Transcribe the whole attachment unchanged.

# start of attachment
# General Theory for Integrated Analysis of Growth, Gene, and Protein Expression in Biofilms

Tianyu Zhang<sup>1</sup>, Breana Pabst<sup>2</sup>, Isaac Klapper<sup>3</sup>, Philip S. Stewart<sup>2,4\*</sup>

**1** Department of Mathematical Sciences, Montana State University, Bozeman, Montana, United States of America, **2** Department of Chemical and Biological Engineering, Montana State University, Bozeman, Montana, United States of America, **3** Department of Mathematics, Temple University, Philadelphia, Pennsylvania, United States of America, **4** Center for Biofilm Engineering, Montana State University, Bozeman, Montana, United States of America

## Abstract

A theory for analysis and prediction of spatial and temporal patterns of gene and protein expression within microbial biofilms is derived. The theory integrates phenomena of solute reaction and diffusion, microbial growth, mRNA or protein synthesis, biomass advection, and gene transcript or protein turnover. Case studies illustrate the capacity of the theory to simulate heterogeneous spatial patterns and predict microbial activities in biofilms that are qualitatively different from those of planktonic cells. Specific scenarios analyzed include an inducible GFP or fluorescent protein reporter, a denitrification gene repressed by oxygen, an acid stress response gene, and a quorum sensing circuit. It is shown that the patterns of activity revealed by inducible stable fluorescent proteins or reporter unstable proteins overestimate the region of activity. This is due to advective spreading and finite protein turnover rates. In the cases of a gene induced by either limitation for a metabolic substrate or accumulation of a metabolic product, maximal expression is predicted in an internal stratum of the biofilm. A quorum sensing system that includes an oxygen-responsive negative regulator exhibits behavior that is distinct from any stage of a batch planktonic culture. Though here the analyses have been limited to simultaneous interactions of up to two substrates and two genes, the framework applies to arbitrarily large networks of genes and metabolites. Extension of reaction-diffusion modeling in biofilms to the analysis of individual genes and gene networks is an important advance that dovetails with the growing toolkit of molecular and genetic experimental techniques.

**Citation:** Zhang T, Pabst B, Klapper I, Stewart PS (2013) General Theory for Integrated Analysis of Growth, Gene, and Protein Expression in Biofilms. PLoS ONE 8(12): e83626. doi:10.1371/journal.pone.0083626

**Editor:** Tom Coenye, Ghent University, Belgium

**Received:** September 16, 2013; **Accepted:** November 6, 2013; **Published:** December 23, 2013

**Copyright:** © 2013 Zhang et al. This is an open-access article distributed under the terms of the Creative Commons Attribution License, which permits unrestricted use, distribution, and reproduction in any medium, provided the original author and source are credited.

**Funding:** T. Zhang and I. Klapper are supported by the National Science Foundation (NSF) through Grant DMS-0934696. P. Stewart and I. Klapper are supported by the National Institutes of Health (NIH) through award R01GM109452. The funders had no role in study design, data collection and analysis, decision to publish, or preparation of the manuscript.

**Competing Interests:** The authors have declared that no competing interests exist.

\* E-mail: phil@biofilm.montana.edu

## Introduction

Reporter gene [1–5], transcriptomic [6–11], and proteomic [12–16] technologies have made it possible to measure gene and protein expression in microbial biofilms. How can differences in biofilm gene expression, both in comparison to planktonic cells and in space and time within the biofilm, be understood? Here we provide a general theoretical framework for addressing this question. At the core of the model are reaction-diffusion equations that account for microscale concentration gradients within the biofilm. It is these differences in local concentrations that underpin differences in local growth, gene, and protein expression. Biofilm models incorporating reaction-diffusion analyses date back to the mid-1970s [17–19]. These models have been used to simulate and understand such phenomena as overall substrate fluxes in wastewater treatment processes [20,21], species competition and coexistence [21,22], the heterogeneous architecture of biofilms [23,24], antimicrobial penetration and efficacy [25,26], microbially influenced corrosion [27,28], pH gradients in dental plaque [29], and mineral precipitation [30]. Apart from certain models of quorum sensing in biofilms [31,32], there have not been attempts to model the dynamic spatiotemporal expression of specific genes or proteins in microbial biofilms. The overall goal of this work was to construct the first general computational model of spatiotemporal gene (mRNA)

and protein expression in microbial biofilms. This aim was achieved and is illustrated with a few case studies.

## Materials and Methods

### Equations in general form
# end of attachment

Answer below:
# General Theory for Integrated Analysis of Growth, Gene, and Protein Expression in Biofilms

Tianyu Zhang<sup>1</sup>, Breana Pabst<sup>2</sup>, Isaac Klapper<sup>3</sup>, Philip S. Stewart<sup>2,4\*</sup>

**1** Department of Mathematical Sciences, Montana State University, Bozeman, Montana, United States of America, **2** Department of Chemical and Biological Engineering, Montana State University, Bozeman, Montana, United States of America, **3** Department of Mathematics, Temple University, Philadelphia, Pennsylvania, United States of America, **4** Center for Biofilm Engineering, Montana State University, Bozeman, Montana, United States of America

## Abstract

A theory for analysis and prediction of spatial and temporal patterns of gene and protein expression within microbial biofilms is derived. The theory integrates phenomena of solute reaction and diffusion, microbial growth, mRNA or protein synthesis, biomass advection, and gene transcript or protein turnover. Case studies illustrate the capacity of the theory to simulate heterogeneous spatial patterns and predict microbial activities in biofilms that are qualitatively different from those of planktonic cells. Specific scenarios analyzed include an inducible GFP or fluorescent protein reporter, a denitrification gene repressed by oxygen, an acid stress response gene, and a quorum sensing circuit. It is shown that the patterns of activity revealed by inducible stable fluorescent proteins or reporter unstable proteins overestimate the region of activity. This is due to advective spreading and finite protein turnover rates. In the cases of a gene induced by either limitation for a metabolic substrate or accumulation of a metabolic product, maximal expression is predicted in an internal stratum of the biofilm. A quorum sensing system that includes an oxygen-responsive negative regulator exhibits behavior that is distinct from any stage of a batch planktonic culture. Though here the analyses have been limited to simultaneous interactions of up to two substrates and two genes, the framework applies to arbitrarily large networks of genes and metabolites. Extension of reaction-diffusion modeling in biofilms to the analysis of individual genes and gene networks is an important advance that dovetails with the growing toolkit of molecular and genetic experimental techniques.

**Citation:** Zhang T, Pabst B, Klapper I, Stewart PS (2013) General Theory for Integrated Analysis of Growth, Gene, and Protein Expression in Biofilms. PLoS ONE 8(12): e83626. doi:10.1371/journal.pone.0083626

**Editor:** Tom Coenye, Ghent University, Belgium

**Received:** September 16, 2013; **Accepted:** November 6, 2013; **Published:** December 23, 2013

**Copyright:** © 2013 Zhang et al. This is an open-access article distributed under the terms of the Creative Commons Attribution License, which permits unrestricted use, distribution, and reproduction in any medium, provided the original author and source are credited.

**Funding:** T. Zhang and I. Klapper are supported by the National Science Foundation (NSF) through Grant DMS-0934696. P. Stewart and I. Klapper are supported by the National Institutes of Health (NIH) through award R01GM109452. The funders had no role in study design, data collection and analysis, decision to publish, or preparation of the manuscript.

**Competing Interests:** The authors have declared that no competing interests exist.

\* E-mail: phil@biofilm.montana.edu

## Introduction

Reporter gene [1–5], transcriptomic [6–11], and proteomic [12–16] technologies have made it possible to measure gene and protein expression in microbial biofilms. How can differences in biofilm gene expression, both in comparison to planktonic cells and in space and time within the biofilm, be understood? Here we provide a general theoretical framework for addressing this question. At the core of the model are reaction-diffusion equations that account for microscale concentration gradients within the biofilm. It is these differences in local concentrations that underpin differences in local growth, gene, and protein expression. Biofilm models incorporating reaction-diffusion analyses date back to the mid-1970s [17–19]. These models have been used to simulate and understand such phenomena as overall substrate fluxes in wastewater treatment processes [20,21], species competition and coexistence [21,22], the heterogeneous architecture of biofilms [23,24], antimicrobial penetration and efficacy [25,26], microbially influenced corrosion [27,28], pH gradients in dental plaque [29], and mineral precipitation [30]. Apart from certain models of quorum sensing in biofilms [31,32], there have not been attempts to model the dynamic spatiotemporal expression of specific genes or proteins in microbial biofilms. The overall goal of this work was to construct the first general computational model of spatiotemporal gene (mRNA)

and protein expression in microbial biofilms. This aim was achieved and is illustrated with a few case studies.

## Materials and Methods

### Equations in general form